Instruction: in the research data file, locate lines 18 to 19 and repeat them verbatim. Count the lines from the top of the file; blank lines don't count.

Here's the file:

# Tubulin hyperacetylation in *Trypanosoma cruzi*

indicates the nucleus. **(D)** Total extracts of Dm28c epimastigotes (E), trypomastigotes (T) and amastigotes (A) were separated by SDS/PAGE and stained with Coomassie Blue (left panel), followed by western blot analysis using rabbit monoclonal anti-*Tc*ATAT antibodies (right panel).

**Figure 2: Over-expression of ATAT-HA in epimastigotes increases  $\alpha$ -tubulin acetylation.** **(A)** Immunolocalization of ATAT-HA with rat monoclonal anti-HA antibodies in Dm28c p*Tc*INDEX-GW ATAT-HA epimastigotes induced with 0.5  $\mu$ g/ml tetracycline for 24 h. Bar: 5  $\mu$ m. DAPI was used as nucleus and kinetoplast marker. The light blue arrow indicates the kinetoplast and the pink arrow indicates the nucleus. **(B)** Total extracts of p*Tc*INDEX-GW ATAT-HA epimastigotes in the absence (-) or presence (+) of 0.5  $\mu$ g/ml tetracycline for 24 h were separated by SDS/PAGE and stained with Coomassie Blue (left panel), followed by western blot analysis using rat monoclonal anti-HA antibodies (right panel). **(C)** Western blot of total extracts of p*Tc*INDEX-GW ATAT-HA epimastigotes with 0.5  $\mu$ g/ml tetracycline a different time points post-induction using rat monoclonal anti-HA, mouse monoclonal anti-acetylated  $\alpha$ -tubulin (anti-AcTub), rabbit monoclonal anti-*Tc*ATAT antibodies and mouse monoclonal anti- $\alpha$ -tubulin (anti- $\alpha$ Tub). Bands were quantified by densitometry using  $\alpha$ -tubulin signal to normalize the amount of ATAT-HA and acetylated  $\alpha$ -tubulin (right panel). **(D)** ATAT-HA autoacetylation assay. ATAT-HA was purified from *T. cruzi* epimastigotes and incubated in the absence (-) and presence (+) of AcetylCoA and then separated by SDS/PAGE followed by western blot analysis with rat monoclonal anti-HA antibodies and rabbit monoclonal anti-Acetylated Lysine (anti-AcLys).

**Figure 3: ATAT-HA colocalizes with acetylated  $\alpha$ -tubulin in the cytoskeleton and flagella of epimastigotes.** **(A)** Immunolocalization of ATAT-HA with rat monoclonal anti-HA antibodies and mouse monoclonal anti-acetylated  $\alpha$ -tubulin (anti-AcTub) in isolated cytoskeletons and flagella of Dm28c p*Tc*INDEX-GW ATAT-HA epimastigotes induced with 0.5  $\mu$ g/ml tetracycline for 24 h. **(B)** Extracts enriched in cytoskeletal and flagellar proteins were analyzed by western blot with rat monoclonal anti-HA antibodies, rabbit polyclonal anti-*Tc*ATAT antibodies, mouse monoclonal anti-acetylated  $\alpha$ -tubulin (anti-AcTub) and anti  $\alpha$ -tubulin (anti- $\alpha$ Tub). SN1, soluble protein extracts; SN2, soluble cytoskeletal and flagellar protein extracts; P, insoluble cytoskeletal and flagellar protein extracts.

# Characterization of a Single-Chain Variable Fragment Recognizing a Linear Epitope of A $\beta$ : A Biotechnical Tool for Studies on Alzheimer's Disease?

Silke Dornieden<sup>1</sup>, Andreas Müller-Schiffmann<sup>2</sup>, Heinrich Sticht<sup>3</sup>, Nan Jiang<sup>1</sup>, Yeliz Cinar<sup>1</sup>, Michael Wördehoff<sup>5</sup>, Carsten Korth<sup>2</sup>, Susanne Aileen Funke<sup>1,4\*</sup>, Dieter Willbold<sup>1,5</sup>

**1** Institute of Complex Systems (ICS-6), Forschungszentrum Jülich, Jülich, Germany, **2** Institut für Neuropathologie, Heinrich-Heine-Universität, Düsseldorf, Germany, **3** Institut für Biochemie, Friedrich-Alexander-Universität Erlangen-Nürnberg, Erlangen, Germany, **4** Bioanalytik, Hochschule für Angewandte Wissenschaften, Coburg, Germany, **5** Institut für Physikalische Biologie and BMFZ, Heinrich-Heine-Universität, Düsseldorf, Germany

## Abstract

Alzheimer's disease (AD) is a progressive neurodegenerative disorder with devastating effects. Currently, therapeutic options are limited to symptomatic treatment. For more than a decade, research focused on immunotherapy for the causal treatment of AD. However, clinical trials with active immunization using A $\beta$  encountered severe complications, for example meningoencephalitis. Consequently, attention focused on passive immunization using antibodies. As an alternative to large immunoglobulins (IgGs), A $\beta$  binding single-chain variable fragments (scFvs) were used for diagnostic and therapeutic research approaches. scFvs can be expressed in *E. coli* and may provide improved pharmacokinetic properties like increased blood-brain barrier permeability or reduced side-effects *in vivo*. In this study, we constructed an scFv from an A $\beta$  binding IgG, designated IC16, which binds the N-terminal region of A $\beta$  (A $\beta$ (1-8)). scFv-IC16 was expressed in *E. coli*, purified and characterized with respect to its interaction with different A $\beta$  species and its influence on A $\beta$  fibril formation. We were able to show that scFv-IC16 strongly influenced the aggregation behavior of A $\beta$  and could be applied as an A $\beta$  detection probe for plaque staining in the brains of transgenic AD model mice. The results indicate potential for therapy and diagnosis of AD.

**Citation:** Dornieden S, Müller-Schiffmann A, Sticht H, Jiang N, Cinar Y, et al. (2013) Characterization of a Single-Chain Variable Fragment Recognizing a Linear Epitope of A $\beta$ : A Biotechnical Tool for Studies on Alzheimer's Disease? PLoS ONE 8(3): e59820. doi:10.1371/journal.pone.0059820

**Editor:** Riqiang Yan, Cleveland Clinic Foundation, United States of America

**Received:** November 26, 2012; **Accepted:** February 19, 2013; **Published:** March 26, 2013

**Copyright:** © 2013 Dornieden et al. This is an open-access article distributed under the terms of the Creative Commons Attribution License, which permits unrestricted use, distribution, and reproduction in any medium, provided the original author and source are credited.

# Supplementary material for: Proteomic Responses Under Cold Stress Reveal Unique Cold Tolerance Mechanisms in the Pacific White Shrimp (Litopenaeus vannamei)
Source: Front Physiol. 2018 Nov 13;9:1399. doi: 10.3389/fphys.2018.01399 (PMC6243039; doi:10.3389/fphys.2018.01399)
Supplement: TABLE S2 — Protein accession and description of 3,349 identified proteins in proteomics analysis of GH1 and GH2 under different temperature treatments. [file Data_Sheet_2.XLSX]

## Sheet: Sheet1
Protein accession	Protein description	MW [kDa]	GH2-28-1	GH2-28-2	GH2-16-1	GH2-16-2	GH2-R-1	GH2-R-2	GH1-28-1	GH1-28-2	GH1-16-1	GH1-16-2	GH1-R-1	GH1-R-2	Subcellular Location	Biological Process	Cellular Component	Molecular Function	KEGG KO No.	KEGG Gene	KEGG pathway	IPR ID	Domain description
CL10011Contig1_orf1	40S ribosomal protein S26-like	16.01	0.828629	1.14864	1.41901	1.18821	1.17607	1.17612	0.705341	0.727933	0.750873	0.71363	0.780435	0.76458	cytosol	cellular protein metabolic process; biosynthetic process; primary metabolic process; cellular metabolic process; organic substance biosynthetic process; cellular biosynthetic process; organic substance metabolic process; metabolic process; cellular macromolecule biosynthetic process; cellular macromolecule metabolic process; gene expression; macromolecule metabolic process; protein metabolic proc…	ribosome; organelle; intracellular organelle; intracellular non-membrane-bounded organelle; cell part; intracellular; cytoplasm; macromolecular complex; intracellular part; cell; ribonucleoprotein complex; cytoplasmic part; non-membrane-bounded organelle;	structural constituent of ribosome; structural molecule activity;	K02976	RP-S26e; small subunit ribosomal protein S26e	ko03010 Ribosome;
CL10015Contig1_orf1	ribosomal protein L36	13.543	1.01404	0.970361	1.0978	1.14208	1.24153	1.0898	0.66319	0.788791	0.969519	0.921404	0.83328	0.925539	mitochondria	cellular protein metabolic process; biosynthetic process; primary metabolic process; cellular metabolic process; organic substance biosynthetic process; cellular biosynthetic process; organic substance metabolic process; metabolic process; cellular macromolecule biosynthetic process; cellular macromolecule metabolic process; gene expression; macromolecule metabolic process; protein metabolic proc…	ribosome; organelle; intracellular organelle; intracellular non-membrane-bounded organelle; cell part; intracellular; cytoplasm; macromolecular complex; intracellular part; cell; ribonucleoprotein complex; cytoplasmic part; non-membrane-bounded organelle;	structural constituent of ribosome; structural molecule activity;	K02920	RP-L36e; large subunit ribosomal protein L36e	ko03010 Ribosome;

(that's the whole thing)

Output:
Protein accession	Protein description	MW [kDa]	GH2-28-1	GH2-28-2	GH2-16-1	GH2-16-2	GH2-R-1	GH2-R-2	GH1-28-1	GH1-28-2	GH1-16-1	GH1-16-2	GH1-R-1	GH1-R-2	Subcellular Location	Biological Process	Cellular Component	Molecular Function	KEGG KO No.	KEGG Gene	KEGG pathway	IPR ID	Domain description
CL10011Contig1_orf1	40S ribosomal protein S26-like	16.01	0.828629	1.14864	1.41901	1.18821	1.17607	1.17612	0.705341	0.727933	0.750873	0.71363	0.780435	0.76458	cytosol	cellular protein metabolic process; biosynthetic process; primary metabolic process; cellular metabolic process; organic substance biosynthetic process; cellular biosynthetic process; organic substance metabolic process; metabolic process; cellular macromolecule biosynthetic process; cellular macromolecule metabolic process; gene expression; macromolecule metabolic process; protein metabolic proc…	ribosome; organelle; intracellular organelle; intracellular non-membrane-bounded organelle; cell part; intracellular; cytoplasm; macromolecular complex; intracellular part; cell; ribonucleoprotein complex; cytoplasmic part; non-membrane-bounded organelle;	structural constituent of ribosome; structural molecule activity;	K02976	RP-S26e; small subunit ribosomal protein S26e	ko03010 Ribosome;